Centre’s anti-racism proposals receives cold response
The central government’s proposal to amend the Indian Penal Code (IPC) with stricter anti-racist provisions has received cold response from states other than the north eastern states whose people are mostly the victims of racism in India.
The proposed amendment has provisions to punish those who are guilty of racist behavior with imprisonment for a term which may extend to five years and fine.
The proposal was made based on the recommendations of the Bezbaruah Committee, constituted by the Centre in February 2014 in the wake of a series of racial attacks on persons belonging to the northeast and particularly after the death of Nodo Tania, a student from Arunachal Pradesh, who was attacked at Delhi’s Lajpat Nagar.
The Bezbaruah Committee had made five key recommendations in its report. One, to make racist acts of varied nature punishable under law; Two, to have a strong and determined law enforcement agency to prevent such acts and to investigate such incidents quickly and professionally; Three, to have adequate support system for the victims; Four, to ensure an efficient system for delivery of justice fairly and quickly; and five, to introduce socio-economic and cultural initiatives to educate people and to remove their wrong perceptions.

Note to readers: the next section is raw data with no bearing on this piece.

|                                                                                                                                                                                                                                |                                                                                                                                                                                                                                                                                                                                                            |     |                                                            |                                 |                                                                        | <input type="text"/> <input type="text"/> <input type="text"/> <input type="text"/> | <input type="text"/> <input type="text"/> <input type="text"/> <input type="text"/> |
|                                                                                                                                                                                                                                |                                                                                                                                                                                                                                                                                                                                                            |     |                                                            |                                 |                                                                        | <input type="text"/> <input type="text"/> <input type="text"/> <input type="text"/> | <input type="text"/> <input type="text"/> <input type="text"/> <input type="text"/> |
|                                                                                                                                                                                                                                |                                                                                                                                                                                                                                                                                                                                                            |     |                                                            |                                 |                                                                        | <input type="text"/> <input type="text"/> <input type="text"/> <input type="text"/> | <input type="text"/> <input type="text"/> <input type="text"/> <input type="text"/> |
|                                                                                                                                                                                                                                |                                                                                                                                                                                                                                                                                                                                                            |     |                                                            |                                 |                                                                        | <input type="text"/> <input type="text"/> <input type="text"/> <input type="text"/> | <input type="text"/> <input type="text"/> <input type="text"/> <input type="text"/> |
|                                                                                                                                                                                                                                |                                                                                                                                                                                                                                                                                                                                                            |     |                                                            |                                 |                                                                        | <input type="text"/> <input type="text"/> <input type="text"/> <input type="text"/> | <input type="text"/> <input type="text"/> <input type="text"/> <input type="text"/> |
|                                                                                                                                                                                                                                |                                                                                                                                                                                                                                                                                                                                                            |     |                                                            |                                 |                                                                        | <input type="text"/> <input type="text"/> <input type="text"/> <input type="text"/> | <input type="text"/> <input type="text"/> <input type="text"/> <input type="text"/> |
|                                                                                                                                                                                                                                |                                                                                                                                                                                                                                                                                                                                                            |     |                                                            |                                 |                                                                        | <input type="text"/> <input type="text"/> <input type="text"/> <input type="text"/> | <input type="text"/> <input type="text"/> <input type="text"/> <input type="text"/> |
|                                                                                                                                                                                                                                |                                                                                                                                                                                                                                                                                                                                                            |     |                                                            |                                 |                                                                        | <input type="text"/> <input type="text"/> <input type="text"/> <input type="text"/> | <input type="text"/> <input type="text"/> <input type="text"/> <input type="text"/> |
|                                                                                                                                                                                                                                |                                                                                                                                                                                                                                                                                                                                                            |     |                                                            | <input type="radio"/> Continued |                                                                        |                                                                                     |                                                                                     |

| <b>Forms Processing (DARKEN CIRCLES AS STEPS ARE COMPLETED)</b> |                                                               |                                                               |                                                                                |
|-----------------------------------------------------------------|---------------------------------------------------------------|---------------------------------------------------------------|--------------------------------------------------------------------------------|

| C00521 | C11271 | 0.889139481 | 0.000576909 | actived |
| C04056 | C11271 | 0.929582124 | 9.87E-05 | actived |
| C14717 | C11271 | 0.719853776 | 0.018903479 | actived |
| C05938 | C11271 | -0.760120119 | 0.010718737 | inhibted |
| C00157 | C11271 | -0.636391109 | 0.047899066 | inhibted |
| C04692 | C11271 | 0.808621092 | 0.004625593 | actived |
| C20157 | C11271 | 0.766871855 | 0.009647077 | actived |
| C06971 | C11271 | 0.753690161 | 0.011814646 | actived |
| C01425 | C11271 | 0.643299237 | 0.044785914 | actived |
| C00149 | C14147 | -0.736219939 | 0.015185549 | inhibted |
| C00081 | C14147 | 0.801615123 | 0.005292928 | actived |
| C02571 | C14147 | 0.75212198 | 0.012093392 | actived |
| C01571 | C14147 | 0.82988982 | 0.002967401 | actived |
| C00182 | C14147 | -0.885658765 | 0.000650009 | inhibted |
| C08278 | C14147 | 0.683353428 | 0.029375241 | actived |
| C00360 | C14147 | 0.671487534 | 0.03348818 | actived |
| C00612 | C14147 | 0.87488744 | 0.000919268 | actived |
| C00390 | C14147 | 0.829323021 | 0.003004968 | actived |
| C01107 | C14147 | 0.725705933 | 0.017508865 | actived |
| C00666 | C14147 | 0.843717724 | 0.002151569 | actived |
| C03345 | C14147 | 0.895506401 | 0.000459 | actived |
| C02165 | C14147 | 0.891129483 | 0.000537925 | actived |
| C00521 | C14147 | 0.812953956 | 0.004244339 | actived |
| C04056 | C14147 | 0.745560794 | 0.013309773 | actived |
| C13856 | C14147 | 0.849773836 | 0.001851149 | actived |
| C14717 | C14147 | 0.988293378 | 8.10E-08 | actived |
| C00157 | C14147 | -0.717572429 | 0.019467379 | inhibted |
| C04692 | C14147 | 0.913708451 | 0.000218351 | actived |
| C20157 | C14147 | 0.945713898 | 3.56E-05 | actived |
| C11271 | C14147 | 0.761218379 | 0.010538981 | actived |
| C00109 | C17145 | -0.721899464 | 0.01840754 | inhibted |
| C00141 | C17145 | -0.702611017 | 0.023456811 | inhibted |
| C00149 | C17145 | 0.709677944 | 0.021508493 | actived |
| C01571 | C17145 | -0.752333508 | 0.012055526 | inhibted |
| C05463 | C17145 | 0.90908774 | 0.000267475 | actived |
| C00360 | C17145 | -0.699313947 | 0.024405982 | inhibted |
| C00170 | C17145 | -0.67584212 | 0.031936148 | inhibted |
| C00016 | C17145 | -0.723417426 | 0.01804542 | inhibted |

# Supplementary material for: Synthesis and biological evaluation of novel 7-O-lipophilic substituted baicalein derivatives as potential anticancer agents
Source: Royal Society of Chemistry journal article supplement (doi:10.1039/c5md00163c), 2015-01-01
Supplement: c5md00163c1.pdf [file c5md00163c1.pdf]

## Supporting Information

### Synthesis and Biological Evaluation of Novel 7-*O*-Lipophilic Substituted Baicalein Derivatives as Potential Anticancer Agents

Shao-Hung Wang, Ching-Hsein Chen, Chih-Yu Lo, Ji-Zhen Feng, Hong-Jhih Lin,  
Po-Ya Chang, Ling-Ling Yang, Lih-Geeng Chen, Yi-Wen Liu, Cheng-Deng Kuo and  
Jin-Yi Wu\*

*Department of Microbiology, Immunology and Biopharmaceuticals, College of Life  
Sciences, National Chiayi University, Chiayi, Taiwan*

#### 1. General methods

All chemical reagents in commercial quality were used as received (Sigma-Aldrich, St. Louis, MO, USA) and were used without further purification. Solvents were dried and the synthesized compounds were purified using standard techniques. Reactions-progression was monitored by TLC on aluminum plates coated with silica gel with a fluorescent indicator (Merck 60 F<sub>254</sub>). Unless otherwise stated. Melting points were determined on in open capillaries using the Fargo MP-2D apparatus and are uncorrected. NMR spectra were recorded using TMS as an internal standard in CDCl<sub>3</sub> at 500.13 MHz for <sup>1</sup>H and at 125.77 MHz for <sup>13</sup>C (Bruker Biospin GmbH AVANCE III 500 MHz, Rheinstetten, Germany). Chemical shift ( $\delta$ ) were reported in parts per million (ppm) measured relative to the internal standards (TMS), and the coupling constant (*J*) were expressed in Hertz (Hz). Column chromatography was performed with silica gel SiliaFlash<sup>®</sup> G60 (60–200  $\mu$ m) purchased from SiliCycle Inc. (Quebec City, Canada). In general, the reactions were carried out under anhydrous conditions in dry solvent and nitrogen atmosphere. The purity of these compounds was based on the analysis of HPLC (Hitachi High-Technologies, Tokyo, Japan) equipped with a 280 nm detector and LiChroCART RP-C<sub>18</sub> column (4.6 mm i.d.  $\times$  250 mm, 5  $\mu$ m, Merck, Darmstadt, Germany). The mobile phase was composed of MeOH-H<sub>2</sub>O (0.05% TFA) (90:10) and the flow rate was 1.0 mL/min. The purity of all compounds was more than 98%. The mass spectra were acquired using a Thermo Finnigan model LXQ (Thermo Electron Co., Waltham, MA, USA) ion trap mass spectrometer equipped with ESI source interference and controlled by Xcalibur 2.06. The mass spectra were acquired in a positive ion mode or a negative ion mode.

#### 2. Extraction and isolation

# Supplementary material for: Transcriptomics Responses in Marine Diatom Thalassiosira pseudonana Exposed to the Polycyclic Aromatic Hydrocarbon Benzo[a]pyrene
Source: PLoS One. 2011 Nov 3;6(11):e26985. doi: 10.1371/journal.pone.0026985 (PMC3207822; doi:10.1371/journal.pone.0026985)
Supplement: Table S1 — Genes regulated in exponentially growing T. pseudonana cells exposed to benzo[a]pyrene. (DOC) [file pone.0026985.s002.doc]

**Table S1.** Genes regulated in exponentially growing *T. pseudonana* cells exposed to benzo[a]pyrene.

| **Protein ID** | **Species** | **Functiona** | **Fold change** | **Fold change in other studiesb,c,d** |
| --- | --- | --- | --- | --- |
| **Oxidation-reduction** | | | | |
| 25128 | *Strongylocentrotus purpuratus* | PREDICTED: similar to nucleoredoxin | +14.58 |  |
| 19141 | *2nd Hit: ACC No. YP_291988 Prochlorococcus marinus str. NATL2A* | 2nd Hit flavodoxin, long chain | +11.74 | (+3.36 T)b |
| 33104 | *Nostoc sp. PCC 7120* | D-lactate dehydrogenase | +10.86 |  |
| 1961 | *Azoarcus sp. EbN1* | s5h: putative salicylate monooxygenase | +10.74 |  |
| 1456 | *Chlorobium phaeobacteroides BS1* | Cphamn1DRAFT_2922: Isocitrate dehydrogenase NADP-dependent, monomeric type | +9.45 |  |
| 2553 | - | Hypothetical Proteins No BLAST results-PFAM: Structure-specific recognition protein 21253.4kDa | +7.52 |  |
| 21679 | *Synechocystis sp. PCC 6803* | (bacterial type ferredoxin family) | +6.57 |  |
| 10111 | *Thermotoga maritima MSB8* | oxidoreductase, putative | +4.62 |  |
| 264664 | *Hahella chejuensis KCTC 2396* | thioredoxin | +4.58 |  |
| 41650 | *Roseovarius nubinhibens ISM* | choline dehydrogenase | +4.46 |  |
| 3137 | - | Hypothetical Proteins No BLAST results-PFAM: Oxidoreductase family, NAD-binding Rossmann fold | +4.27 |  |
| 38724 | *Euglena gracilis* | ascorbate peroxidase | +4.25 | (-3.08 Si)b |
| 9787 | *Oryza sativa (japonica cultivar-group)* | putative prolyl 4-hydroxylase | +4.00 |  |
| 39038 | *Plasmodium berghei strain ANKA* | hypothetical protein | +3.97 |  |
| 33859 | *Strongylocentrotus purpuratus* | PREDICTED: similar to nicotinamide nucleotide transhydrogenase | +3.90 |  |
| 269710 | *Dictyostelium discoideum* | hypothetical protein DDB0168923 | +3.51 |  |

Based on this, the union Home Ministry had sent letters to the states in February this year, i.e less than a month after a shocking video of north eastern girls being brutally beaten up by their landlord in Bengaluru went viral on internet.
However, according to a report in The Hindu, only four states have given their assent to the Centre’s proposal, out of which three are from the north east- Manipur, Meghalaya and Mizoram. Uttar Pradesh is the fourth and the only state from outside the north east which has supported the proposal. Three Union Territories — Andaman and Nicobar, Dadra and Nagar Haveli, and Lakshwadeep — have also agreed.
Union Minister of State for Home Kiren Rijiju had stated in Rajya Sabha in July that the amendment was meant “to deal with the racially motivated crimes.”
(source: Outlook India)